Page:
“What I hope to accomplish by engaging in such an intellectually mischievous enterprise is to bring to the fore a contemplation about a number of the novel’s key themes: where reality stops and imagination commences, for instance; the limits of memory and self; the undoing of simplistic readings of photography and hence the kind of simplistic ‘photography’ we call ‘memoir.'”
“I’ve always been fascinated by artists and thinkers out of step with their times. I suspect that may be a good definition of what it means to be an artist or thinker: someone who reads the world in ways most people don’t, thereby allowing us to see it in ways we haven’t, coaching us to pay attention to details the habitual has made invisible.”
“The central question I ask and re-ask my creative-writing students is this: How does one write the contemporary? Naturally, the answer will be different for every author, but the questions behind the question remains: What structures capture our sense of lived experience here, now?”
“[O]ur lives are so legible it hurts, but only to the extent they have been made legible by the narratives we swim in daily that are manufactured by the entertainment industry, the political system, academia, et cetera—narratives designed to be repeated so often they become chronic.”
“For a sense of stable selfhood to persist, we need to convince ourselves that historical knowledge is an unproblematic realm. We need to develop a narrative (the kind at which Western culture has excelled) that affirms continuity—beginning, middle, and end—the notion of causality and solution. We tell ourselves into permanence and consistency. What I find remarkable about Borges and Sebald, two important writers for me, is that they trouble the relationship between pronoun and referent.”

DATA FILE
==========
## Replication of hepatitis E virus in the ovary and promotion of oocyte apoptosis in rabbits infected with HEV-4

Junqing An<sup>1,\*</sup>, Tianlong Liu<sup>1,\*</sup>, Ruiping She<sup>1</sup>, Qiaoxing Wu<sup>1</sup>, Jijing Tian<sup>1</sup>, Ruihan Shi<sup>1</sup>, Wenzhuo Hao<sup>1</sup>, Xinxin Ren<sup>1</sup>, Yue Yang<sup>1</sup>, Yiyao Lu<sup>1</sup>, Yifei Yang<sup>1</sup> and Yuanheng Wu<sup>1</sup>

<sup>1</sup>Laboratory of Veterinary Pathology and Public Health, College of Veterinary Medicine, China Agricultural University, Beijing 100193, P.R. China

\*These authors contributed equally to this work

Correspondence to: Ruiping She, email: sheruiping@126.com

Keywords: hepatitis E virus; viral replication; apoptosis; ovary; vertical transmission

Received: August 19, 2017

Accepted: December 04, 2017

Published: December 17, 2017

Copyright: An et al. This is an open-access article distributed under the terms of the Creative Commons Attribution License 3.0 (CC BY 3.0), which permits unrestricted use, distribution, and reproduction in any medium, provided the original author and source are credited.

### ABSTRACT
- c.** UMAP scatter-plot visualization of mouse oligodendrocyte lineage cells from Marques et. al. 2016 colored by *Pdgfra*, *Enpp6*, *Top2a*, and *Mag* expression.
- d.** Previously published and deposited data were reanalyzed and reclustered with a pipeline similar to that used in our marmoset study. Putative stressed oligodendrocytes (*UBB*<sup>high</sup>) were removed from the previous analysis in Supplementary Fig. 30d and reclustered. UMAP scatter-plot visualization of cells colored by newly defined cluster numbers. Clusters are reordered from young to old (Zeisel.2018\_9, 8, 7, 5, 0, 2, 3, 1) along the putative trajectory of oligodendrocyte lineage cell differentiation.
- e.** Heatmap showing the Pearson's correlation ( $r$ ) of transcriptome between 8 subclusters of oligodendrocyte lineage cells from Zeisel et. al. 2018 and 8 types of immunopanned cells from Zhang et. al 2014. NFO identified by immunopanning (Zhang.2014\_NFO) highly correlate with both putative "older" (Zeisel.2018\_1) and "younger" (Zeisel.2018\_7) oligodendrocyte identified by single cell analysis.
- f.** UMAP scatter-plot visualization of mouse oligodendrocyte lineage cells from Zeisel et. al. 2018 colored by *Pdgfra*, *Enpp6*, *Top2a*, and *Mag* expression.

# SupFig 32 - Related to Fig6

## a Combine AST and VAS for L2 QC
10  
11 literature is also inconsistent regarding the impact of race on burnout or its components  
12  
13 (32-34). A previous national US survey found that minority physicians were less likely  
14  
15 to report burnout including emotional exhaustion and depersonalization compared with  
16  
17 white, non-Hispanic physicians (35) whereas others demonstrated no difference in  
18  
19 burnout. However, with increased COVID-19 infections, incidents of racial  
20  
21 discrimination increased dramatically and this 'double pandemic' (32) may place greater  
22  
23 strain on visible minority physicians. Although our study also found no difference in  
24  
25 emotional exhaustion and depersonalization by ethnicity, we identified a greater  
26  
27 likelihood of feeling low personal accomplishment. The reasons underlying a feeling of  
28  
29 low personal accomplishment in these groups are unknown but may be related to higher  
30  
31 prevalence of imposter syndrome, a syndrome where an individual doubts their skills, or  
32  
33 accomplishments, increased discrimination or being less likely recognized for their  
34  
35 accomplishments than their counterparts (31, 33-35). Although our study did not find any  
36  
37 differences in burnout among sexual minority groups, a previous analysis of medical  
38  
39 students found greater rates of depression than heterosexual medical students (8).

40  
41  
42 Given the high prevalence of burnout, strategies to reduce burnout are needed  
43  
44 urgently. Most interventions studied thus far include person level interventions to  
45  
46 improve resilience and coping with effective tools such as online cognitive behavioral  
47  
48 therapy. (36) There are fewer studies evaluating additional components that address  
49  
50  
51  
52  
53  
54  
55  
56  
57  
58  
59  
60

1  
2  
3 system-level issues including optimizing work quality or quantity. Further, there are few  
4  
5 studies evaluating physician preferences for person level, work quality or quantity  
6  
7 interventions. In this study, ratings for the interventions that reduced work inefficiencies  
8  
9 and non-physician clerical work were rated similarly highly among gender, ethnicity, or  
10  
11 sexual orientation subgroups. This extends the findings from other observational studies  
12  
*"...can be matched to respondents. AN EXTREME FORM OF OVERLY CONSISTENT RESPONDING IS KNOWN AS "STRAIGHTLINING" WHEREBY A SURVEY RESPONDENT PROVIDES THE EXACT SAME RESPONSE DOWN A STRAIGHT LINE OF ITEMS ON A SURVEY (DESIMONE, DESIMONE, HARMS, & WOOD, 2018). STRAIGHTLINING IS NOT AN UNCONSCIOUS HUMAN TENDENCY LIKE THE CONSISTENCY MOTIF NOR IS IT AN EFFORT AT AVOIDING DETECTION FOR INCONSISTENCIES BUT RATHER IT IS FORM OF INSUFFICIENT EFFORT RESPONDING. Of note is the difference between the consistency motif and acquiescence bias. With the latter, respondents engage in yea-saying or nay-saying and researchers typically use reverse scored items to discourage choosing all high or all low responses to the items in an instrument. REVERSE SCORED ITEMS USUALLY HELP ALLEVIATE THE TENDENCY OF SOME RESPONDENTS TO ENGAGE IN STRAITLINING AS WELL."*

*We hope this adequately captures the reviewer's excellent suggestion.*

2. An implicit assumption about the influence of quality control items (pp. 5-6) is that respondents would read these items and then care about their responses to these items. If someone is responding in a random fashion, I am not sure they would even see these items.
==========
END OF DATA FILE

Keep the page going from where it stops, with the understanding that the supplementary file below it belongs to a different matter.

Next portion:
“Is it conceivable […] to imagine beyond Freudian theorizations of character? Beyond those we encounter in fictions by, say, Dickens or Fitzgerald, Chekhov or Morrison, that accept selves as dense products of past traumas, current conflictions and neuroses, unconscious fires and conscious tumblings? Character formations which are, in a phrase, emblematic of identities that are relatively solid through time and space, assume there are great swathes of us-ness that remain constant and complete, autonomous and fixed, aren’t invented minute by minute, second by second, from outside as well as inside, continuously changing constructions flickery as those vibrating strings we are told make up the metalogical essence of ‘reality’?”
“Understand this writing thing isn’t a competition; all of us can win all the time. Think of yourself as part of an oceanic conversation about life and narrative that extends across time and space, and ask yourself where your voice fits in, how you can help other voices be heard. And if you plan to write for fame or fortune, do something else immediately. Seriously.”
“[O]nce I finish a novel I don’t want to write the same one again. Stephen King and Dan Brown have built dynasties on disagreeing with me. But what excites me is when novel-writing puts me back on my heels, tips me into a liquid geography of unknowing; presents me with a topography in which I need to navigate through unexpected and illuminating regions. For me writing is a precarious act of exploration. That’s what I set about gifting myself with in Calendar of Regrets: a complex and unfamiliar framework to live in for several years that would allow me to emerge understanding more both about my experience of experience and my experience of narrativity.”